Despite this endemic paranoia, questions of selective attention are worthy of a thoughtful response. After all, the world is a nasty, brutish place and replete with oppression and human suffering. The Israelis and occupied (as opposed to displaced) Palestinians, taken together, make up about twelve million people, or roughly 0.18% of the world’s population. Why, then, focus on Israel when much of the globe is burning hotter? In answering that question, the first thing to do is not to deny its reasonable premise. The Israeli-Palestinian conflict does indeed receive disproportional international coverage, and several greater conflicts and crises receive scantier acknowledgement. The task is to explain and justify the disproportionate coverage, not to refute it.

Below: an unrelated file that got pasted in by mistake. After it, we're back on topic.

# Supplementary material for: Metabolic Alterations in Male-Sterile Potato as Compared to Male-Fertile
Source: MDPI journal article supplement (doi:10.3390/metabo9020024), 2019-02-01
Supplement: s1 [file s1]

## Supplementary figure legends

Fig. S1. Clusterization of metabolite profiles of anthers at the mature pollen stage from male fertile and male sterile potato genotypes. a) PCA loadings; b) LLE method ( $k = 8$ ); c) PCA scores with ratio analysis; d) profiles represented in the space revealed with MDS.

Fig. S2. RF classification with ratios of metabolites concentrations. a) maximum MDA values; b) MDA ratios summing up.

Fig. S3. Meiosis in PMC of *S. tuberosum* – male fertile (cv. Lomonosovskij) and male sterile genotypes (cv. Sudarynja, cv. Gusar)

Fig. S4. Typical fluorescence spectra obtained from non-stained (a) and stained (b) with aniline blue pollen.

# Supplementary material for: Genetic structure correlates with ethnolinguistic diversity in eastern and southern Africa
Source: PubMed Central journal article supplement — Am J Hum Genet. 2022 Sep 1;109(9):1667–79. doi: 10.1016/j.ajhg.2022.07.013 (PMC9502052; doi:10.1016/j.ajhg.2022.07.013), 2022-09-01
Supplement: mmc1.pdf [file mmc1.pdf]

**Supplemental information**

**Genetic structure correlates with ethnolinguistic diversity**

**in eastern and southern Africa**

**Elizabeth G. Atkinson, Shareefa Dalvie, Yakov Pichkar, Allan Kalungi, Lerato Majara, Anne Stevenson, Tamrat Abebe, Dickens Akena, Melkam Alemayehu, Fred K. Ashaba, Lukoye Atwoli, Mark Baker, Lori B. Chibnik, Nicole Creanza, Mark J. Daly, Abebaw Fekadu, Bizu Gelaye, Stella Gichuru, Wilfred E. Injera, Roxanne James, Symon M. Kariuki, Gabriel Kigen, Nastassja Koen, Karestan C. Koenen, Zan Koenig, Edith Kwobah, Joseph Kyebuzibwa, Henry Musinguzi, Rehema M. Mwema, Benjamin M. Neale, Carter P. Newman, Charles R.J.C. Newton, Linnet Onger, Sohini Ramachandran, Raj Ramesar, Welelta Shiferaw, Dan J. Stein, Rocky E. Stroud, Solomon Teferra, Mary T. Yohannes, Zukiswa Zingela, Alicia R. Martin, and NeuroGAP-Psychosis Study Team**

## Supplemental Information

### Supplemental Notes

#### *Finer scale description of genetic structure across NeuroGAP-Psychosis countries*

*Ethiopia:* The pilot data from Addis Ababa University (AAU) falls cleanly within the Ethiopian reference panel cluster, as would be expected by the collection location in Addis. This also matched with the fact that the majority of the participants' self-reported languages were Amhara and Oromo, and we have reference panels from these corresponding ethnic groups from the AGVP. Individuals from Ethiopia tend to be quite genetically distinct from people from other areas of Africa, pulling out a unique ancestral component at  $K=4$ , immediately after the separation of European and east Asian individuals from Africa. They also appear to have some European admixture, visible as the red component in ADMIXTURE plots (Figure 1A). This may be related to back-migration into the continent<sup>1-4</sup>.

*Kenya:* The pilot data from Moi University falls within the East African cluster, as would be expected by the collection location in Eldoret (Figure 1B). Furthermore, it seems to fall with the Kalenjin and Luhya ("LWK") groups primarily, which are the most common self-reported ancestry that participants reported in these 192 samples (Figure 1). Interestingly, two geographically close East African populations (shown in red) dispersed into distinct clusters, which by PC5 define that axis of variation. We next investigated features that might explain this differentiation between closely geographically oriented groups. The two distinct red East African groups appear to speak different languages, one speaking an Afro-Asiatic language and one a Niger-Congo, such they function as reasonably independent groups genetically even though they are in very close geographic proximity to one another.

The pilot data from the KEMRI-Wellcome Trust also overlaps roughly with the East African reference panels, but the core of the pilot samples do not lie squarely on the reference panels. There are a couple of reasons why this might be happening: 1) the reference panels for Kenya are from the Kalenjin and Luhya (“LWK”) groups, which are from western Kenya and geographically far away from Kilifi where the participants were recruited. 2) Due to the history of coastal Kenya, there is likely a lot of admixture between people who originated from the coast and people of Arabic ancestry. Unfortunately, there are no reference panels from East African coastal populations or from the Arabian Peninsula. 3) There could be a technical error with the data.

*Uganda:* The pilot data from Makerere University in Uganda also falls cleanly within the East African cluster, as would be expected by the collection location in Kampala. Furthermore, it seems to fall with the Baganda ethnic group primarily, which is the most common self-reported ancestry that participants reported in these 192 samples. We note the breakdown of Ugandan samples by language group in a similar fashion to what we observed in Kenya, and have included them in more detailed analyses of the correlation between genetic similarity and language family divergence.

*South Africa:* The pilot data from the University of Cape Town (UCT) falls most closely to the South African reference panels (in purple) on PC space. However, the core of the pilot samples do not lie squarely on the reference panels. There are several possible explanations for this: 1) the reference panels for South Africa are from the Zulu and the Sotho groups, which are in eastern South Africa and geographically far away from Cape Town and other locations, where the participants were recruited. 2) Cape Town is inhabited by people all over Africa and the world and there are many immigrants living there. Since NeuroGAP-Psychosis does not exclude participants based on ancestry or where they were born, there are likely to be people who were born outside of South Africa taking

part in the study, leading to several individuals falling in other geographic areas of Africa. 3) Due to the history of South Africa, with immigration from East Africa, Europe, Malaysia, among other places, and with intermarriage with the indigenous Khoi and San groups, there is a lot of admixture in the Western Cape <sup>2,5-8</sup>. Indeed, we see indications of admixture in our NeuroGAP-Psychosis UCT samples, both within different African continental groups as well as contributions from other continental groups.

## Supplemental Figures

One reason for shining the spotlight on Israel is that unlike almost all countries in which routine human rights violations occur, Israel is a democracy, and a fairly stable one at that. Israelis don’t have to live under Netanyahu’s rule of ultra-nationalism and fanaticism; they choose to. Netanyahu and his ilk, past and present, aren’t a band of marauders who took over Israel by force and violence; they won open and largely fair elections by voters who knew, or at least should have known, what the Bibi bloc stood for. Consequently, the world may and should influence the direction Israel takes by informing the Israeli public, by criticizing its leaders and its populace and by making Israelis feel uncomfortable about the direction they have chosen for their nation. The same media attention would do little good in Syria or North Korea: the people there did not elect their leaders and they cannot remove them from power by peaceful means.